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What's wrong with this?

for (Object obj : java.security.Security.getAlgorithms("Cipher")) {
  System.out.println(obj);
}
javax.crypto.SecretKeyFactory.getInstance("AES");

This is the output (JDK 1.6 on Mac OS 10.6):

BLOWFISH
ARCFOUR
PBEWITHMD5ANDDES
RC2
RSA
PBEWITHMD5ANDTRIPLEDES
PBEWITHSHA1ANDDESEDE
DESEDE
AESWRAP
AES
DES
DESEDEWRAP
PBEWITHSHA1ANDRC2_40

java.security.NoSuchAlgorithmException: AES SecretKeyFactory not available
 at javax.crypto.SecretKeyFactory.<init>(DashoA13*..)
 at javax.crypto.SecretKeyFactory.getInstance(DashoA13*..)
 ...
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Actually I'm getting this exception when trying to use jasypt library. I posted a problem to their forum already: forum.jasypt.org/… –  yegor256 Dec 6 '11 at 8:50
    
Have you installed the policy files as stated on this page? jasypt.org/dependencies.html –  jontro Dec 6 '11 at 9:23
    
No, I didn't. Do you know how to add them to Maven project? –  yegor256 Dec 6 '11 at 9:28
    
You need to add them to the jdk itself –  jontro Dec 6 '11 at 9:29
    
Actually when reading: docs.oracle.com/javase/6/docs/technotes/guides/security/… it sais that SunJCEProvider is optional. You need PBEWithMD5AndDES and this is the provider responsible. –  jontro Dec 6 '11 at 9:31

3 Answers 3

This is a verified java bug. See http://bugs.sun.com/bugdatabase/view_bug.do?bug_id=7022467

EDIT: Different java versions support different algorithms, you can also extend it with custom providers and so on. Oracle has a list for java 6 here http://docs.oracle.com/javase/6/docs/technotes/guides/security/SunProviders.html . For KeyFactory this is DSA.

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I'm getting the same exception for almost all algorithms from the list (only DES works). –  yegor256 Dec 6 '11 at 8:44

Not all versions of Java provide a SecretKeyFactory for "AES" in their default providers.

If you want to generate a new key, choose the desired number of bits (128, 192, or 256) from a SecureRandom instance, and use that random number to initialize a SecretKeySpec instance.

If you are using password-based encryption, create a SecretKeyFactory for the "PBKDF2WithHmacSHA1" algorithm, and use it to initialize a SecretKeySpec instance as illustrated here.

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Be careful about that combination - big android bug fixed in 4.4 means that pre & post 4.4 produce different results. android-developers.blogspot.ca/2013/12/… –  Tom Dec 13 '13 at 18:45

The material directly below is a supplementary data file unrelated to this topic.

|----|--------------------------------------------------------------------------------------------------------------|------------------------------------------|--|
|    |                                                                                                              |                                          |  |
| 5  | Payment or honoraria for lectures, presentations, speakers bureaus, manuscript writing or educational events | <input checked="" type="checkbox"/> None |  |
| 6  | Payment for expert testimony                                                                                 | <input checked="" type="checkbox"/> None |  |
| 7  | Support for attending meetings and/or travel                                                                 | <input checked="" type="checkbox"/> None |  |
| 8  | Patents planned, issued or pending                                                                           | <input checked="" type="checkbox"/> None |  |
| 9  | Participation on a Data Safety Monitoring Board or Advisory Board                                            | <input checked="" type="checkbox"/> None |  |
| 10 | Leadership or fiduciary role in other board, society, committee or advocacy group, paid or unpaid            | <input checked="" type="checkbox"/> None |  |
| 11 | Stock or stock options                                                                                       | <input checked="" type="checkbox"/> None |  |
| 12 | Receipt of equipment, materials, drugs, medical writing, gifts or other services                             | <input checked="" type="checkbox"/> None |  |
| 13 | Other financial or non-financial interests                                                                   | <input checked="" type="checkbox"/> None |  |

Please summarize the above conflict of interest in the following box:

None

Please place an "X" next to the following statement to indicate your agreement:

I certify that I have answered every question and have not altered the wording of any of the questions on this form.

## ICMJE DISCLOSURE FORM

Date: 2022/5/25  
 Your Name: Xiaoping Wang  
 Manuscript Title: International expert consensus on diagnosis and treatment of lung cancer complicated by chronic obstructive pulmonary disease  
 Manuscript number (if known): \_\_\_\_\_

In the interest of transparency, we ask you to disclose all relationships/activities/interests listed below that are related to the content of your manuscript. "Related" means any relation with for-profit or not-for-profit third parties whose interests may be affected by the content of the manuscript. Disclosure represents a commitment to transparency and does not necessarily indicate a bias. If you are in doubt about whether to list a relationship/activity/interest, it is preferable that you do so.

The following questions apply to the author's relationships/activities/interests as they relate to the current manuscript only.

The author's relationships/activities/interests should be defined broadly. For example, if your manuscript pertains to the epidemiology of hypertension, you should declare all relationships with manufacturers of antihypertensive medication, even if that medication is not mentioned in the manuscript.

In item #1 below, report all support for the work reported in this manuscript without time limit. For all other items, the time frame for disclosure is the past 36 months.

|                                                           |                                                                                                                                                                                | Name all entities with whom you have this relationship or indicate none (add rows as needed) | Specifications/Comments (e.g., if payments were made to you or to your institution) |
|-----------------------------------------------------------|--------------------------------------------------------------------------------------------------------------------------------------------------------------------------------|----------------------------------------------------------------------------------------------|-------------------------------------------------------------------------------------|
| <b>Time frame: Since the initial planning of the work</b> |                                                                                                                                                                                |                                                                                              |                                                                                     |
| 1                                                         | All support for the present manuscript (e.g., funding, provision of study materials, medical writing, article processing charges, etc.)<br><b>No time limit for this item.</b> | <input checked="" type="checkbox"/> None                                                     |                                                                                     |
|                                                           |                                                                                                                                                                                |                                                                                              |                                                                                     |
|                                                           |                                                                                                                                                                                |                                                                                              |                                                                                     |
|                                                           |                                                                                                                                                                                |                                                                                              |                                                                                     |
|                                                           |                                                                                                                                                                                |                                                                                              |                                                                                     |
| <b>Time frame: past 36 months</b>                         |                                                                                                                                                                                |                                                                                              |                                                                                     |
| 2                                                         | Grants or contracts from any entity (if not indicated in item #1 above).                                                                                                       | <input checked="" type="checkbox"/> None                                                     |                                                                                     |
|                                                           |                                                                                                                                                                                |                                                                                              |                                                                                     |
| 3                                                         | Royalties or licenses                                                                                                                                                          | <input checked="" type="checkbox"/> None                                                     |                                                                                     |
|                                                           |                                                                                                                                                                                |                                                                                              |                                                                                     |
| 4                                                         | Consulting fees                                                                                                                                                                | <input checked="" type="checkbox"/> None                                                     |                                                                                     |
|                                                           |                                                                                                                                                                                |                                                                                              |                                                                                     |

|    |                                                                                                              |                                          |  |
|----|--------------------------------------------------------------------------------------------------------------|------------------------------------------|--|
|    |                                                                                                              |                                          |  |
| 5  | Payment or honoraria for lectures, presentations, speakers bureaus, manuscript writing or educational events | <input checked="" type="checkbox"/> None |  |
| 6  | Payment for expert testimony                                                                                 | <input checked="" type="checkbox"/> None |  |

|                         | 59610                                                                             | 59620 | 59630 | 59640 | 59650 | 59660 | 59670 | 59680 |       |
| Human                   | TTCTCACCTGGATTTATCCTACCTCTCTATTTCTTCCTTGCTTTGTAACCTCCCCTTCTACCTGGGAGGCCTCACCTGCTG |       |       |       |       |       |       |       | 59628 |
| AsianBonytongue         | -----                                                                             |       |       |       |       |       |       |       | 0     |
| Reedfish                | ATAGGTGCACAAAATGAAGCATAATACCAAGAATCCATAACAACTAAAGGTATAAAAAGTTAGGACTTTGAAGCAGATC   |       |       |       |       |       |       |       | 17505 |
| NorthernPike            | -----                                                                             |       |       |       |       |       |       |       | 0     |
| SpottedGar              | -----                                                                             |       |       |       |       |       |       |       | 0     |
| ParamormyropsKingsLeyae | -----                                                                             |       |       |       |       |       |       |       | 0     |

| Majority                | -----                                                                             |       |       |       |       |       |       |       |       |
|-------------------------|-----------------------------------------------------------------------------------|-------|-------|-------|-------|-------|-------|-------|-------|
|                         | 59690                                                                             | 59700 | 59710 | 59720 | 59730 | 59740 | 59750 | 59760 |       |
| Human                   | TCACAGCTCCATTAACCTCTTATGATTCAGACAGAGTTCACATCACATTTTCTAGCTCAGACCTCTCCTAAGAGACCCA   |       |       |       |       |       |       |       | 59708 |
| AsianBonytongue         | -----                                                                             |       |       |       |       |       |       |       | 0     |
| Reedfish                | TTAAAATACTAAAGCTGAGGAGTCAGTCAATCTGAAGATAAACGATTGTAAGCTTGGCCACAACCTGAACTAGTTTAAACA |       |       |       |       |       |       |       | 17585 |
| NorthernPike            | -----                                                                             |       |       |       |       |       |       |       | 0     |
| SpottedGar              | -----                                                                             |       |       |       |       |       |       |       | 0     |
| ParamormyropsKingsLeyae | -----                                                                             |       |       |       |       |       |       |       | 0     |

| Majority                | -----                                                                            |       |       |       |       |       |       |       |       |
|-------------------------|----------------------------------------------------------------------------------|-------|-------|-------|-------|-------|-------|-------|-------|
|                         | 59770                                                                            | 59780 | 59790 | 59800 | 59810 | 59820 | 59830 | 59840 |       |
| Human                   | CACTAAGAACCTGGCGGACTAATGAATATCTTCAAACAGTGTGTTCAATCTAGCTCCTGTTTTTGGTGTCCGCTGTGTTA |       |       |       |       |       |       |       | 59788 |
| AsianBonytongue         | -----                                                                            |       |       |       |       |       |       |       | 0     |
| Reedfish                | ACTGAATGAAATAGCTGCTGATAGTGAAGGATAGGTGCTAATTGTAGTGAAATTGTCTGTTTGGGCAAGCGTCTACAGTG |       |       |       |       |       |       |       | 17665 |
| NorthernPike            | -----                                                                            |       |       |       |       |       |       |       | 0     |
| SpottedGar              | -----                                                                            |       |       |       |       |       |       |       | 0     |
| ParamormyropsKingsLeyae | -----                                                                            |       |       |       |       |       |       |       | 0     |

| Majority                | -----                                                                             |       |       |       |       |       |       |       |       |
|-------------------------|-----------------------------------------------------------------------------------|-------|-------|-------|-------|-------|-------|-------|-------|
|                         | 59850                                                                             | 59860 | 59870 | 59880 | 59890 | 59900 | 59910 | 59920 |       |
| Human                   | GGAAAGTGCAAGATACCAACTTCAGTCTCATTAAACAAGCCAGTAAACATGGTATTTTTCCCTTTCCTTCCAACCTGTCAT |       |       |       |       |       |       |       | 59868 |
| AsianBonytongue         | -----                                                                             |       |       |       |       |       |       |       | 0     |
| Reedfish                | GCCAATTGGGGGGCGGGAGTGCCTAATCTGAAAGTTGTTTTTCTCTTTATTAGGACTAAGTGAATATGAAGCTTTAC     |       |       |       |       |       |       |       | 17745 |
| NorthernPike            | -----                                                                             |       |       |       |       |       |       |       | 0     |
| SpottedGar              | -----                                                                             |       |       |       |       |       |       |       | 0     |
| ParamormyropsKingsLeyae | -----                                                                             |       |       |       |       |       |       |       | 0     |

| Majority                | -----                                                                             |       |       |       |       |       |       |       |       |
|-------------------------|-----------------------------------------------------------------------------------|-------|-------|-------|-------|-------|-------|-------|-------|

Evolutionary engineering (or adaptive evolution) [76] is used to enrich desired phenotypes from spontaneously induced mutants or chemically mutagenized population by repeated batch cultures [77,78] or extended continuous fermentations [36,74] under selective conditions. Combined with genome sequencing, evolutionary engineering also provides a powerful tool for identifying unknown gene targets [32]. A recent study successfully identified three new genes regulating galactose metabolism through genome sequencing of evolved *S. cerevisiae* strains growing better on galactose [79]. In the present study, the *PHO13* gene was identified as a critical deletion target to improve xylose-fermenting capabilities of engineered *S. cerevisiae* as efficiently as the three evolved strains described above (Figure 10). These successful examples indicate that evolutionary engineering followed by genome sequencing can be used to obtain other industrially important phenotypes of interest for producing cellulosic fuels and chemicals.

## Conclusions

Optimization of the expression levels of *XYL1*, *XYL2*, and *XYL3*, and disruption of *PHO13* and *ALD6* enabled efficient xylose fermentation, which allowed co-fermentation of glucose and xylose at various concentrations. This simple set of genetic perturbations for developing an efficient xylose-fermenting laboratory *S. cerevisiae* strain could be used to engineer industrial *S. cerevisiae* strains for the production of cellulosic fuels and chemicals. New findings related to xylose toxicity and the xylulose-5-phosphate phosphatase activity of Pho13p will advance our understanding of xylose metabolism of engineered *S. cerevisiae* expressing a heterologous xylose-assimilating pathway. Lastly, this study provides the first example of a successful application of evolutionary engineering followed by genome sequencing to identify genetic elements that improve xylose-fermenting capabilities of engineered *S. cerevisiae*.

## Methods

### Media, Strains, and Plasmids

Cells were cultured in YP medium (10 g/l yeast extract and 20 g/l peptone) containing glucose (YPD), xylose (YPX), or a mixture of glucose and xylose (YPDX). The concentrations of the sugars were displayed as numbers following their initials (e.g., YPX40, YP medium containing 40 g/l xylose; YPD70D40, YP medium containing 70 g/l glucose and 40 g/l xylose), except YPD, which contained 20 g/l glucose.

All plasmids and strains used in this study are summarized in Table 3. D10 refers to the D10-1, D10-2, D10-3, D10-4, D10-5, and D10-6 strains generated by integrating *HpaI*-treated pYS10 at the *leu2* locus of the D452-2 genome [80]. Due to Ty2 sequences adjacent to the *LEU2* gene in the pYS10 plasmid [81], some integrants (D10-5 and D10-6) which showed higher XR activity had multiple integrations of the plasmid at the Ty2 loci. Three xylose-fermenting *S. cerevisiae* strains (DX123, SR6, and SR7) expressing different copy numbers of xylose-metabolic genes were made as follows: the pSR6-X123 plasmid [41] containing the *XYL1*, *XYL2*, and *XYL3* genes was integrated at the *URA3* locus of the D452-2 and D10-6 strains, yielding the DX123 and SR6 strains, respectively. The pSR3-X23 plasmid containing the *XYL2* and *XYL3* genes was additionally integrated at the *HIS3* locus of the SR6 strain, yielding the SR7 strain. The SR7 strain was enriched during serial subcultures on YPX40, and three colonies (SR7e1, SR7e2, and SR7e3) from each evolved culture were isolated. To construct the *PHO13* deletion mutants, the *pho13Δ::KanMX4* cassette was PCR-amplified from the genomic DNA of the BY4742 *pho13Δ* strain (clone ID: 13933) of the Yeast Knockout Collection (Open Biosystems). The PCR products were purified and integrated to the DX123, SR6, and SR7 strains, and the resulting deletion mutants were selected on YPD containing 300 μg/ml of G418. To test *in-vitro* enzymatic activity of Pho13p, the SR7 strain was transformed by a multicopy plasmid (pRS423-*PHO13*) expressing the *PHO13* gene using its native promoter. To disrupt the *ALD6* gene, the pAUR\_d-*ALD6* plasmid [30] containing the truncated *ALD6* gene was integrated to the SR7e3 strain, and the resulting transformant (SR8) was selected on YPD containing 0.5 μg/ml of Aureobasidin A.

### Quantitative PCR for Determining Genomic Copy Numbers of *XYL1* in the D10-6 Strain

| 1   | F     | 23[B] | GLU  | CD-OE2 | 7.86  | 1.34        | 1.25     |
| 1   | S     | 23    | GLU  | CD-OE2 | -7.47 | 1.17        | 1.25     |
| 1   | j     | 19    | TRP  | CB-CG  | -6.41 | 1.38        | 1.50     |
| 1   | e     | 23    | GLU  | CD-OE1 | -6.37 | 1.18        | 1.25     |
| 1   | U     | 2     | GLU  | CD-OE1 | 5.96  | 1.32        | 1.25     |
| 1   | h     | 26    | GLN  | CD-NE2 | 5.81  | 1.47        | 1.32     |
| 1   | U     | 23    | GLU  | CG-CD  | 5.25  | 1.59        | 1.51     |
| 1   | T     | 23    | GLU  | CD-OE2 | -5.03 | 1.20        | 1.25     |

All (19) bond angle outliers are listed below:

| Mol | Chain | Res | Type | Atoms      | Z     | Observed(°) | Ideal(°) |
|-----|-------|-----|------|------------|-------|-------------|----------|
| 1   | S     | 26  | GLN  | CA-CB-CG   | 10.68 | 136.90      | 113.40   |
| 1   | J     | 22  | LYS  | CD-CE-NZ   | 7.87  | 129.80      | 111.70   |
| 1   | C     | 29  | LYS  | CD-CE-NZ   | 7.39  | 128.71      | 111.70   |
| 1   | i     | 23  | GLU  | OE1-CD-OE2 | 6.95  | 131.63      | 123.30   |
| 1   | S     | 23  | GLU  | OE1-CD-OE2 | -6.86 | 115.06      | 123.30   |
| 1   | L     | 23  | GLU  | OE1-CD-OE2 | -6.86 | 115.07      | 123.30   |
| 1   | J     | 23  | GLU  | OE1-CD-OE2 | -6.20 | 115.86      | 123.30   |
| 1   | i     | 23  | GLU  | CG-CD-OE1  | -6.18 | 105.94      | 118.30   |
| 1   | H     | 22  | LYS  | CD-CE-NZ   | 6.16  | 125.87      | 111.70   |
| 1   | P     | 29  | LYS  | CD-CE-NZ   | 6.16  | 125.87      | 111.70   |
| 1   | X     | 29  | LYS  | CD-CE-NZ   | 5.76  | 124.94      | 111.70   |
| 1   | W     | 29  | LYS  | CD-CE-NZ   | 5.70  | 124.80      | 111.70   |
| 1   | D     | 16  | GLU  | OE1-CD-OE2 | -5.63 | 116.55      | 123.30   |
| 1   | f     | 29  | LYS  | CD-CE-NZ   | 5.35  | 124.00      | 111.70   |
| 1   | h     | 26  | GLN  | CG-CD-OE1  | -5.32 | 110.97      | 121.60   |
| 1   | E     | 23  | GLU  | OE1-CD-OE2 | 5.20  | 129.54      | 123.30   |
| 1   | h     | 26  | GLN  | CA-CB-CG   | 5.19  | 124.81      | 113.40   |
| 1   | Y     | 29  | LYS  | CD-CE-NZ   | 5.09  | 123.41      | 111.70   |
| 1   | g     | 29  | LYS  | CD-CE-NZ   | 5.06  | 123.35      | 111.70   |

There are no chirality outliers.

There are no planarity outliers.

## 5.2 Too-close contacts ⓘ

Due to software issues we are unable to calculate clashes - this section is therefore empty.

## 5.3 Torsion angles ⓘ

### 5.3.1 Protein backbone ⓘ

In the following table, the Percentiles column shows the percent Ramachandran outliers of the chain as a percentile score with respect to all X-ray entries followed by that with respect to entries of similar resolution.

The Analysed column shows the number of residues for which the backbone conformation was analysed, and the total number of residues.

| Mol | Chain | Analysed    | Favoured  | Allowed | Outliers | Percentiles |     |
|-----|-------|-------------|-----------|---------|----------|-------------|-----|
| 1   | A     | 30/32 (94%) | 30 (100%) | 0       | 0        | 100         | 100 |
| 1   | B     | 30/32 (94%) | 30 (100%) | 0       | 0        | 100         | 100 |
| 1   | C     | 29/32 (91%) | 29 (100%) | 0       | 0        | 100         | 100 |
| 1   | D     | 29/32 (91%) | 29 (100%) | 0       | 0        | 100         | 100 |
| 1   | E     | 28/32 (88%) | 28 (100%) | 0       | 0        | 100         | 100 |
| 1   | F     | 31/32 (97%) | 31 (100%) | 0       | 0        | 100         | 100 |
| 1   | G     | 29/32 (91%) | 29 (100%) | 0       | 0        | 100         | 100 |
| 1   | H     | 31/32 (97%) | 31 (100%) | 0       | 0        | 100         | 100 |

Don't be careful with PBKDF2WithHmacSHA1; it's the algorithm you should use, and decrypts messages encrypted with SunJCE. If you have to work with data that was encrypted using the old, buggy version of Android, then you'll have to be aware of the non-standard 8bit algorithm. If you are using SunJCE to decrypt messages encrypted with buggy Android implementations, you'll need to set the upper 8 bits of each char in the password to zero yourself, as it doesn't provide an algorithm with this behavior. –  erickson Dec 13 '13 at 19:11
    
I didn't say don't use it - I just said to take care, and since there is an issue with Android (and BouncyCastle too, I believe) I don't think that is unwarranted. –  Tom Dec 16 '13 at 19:12
    
That makes sense. I'm stressing the point because the leading answer has a horrible security flaw, simply using a hash function to derive a key. –  erickson Dec 16 '13 at 19:15

You don't really need to use SecretKeyFactory. You can create an AES key with the following;

byte[] keyData = ........ 
SecretKeySpec key = new SecretKeySpec(keyData, "AES");

If you want to do password based encryption (PBE) then simply choose a secure hashing algorithm that gives you a hash the same size as the required key. For example, if you want a 256 bit key for AES, here is a method to build the key;

private Key buildKey(String password) throws NoSuchAlgorithmException, UnsupportedEncodingException {
  MessageDigest digester = MessageDigest.getInstance("SHA-256");
  digester.update(password.getBytes("UTF-8"));
  byte[] key = digester.digest();
  SecretKeySpec spec = new SecretKeySpec(key, "AES");
  return spec;
}

Edit:
I would recommend against using MD5 and DES unless this is a play project, both have weaknesses and are considered obsolete.

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2  
Simply hashing the password is not a secure way to derive a password. Use a recognized key derivation algorithm (also provided by JCA) to convert text to a secret key. –  erickson Jun 2 '12 at 0:03
    
@erickson But the final 'evaluation' of the relevant issue (linked in the answer below) suggests to me that the above solution is the recommended solution for AES. How could we improve the above solution, without going back to SecretKeyFactory which is not going to support AES. –  Tom Mar 16 '13 at 17:33
    
@tom The final evaluation doesn't suggest using a single round of hashing to perform password-based encryption. Please see my answer for safely following the evaluation's guidance. –  erickson Mar 16 '13 at 20:47

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